GUEST COMMENT: 8 things you should know before you move to Switzerland

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Tired of London, tired of, er, London.  As a London headhunter within financial services who has moved to Switzerland (Zürich) in the last couple of years, I feel partially qualified to comment on the Switzerland talent migration. Here are 8 things I suggest you think about if you’re considering a move.

1. The market: It ain’t all sunshine.

First things first. There are still some very good opportunities in Switzerland but the bad news is that people here might not be tripping over themselves to hire you. Despite the Swiss market’s reduced IB exposure, other industries like (re)insurance and wealth management come fully equipped with problems of their own.

All the major institutions here are under cost pressure, regardless of their field, but particularly when they’re running a Swiss-franc denominated corporate centre cost base with universally high salaries even among junior and administrative staff.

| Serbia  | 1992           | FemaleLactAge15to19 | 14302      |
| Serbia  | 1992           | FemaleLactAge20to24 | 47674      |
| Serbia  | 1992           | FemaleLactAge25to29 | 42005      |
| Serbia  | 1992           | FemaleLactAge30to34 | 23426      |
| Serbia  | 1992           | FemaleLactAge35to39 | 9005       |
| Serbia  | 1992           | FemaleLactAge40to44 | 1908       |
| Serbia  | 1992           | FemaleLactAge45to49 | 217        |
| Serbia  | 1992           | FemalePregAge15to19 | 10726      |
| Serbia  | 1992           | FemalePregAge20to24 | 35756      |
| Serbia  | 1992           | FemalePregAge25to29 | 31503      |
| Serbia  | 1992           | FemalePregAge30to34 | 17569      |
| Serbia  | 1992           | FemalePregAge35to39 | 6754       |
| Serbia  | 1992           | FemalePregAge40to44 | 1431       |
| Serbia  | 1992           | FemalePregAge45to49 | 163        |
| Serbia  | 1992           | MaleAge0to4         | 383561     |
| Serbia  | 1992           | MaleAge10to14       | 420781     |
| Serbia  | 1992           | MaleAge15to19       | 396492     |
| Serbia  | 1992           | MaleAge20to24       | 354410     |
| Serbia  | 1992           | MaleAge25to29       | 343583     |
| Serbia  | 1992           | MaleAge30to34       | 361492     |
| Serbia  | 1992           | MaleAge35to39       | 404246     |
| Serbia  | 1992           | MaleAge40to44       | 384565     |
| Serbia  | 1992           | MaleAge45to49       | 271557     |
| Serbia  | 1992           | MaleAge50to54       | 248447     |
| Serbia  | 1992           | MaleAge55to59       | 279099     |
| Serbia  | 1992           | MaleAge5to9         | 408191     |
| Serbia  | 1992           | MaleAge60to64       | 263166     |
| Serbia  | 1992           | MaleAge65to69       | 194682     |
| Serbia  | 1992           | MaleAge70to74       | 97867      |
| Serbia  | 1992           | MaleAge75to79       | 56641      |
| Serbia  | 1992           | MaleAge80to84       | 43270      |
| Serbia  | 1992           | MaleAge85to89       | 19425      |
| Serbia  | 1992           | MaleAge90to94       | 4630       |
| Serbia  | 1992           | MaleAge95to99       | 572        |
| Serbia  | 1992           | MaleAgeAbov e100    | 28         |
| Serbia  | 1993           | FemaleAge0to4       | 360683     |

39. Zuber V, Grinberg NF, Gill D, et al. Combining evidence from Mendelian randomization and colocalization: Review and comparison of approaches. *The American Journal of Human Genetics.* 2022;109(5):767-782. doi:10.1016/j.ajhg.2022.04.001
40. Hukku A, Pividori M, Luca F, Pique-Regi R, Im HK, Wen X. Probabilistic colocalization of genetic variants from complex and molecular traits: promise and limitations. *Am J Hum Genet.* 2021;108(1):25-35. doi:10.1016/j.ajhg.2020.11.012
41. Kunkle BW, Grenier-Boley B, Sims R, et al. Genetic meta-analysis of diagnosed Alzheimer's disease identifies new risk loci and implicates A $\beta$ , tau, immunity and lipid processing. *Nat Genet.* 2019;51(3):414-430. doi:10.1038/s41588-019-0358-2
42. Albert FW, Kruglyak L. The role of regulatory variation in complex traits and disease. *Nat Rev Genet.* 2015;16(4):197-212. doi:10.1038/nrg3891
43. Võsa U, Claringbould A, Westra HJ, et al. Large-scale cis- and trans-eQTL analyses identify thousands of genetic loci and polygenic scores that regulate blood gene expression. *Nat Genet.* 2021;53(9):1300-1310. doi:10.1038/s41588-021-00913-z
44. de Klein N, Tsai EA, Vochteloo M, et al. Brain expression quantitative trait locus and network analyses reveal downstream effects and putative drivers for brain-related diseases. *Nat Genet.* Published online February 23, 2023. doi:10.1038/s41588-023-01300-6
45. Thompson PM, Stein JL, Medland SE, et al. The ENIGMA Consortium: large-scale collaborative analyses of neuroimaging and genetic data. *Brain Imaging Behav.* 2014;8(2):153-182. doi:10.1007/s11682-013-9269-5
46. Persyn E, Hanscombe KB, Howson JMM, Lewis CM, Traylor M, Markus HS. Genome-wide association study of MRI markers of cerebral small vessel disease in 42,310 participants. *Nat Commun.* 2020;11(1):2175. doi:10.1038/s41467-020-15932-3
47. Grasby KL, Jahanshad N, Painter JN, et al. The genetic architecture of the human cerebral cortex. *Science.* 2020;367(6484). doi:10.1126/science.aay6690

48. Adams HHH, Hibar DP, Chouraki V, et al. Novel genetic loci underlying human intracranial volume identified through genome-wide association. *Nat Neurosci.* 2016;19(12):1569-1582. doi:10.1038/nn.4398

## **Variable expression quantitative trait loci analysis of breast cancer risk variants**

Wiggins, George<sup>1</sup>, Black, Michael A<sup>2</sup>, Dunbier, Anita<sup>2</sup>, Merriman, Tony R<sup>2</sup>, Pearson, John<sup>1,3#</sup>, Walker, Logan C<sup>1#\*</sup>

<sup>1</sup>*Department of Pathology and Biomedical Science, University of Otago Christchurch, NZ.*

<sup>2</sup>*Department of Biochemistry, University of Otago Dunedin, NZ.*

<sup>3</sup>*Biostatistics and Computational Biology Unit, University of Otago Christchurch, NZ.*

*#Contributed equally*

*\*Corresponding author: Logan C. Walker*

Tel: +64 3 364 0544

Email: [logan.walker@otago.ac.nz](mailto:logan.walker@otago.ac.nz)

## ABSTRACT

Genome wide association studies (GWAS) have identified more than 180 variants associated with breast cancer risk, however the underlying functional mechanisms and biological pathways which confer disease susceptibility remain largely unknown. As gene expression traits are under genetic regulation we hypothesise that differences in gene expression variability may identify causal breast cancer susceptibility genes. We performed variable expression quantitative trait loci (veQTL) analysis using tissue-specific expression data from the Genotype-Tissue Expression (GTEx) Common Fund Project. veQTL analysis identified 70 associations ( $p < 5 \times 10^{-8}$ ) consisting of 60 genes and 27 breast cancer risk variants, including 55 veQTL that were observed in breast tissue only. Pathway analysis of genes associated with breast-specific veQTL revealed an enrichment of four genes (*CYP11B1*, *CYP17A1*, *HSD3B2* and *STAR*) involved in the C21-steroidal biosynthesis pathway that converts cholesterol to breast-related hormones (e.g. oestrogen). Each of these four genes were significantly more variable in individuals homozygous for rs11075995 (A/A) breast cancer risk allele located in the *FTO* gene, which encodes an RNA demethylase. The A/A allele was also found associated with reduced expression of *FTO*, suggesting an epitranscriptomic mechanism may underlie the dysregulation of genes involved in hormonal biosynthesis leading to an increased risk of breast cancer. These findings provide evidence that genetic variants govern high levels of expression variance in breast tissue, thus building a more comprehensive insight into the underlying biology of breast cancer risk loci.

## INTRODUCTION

Zurich is also being shaken up as mid-tier private banks adapt and consolidate in response to the changing regulatory/political climate towards bank secrecy and client tax avoidance. Because of this, there will be some very good local candidates on the market. You will be competing against them.

2. Your  experience: Your capital markets-tastic CV may carry less currency than you think

Don’t assume that because you were once the go-to person in London for all things related to the funkiest exotic derivative known to man - from the model through to the ink the term-sheet was printed in - that people in Switzerland will care.  They won’t. Forget the old acronyms. If you are good, you will show that comfortably over time in the new world.

Bear in mind that while you may not have been hired because of your encyclopaedic knowledge of Swiss banking secrecy law or your relationships with the FINMA, research into these two things will also stand you in good stead.

3.  Tax: Yes, you will pay it, but probably less of it.

Somewhere along the line, someone confused Switzerland’s reputation as a tax haven with having no tax. This means that at your London leaving-do at least 5 people will take you aside to utter “Switzerland? Tax free innit?” before asking how near Verbier you’ll be.

The truth is a bit different. Cantons like Geneva have previously negotiated flat-rate deals with companies who were bringing X number of high earners into the local economy. However these are increasingly less common nowadays.

Proceed simply on the basis that if you are a top rate earner in the UK you will be paying less than you do now.

4.  Cost of living: Switch off the Pounds. It’s too painful otherwise.

You are moving country, so you are moving currency. There is no denying that Switzerland is expensive.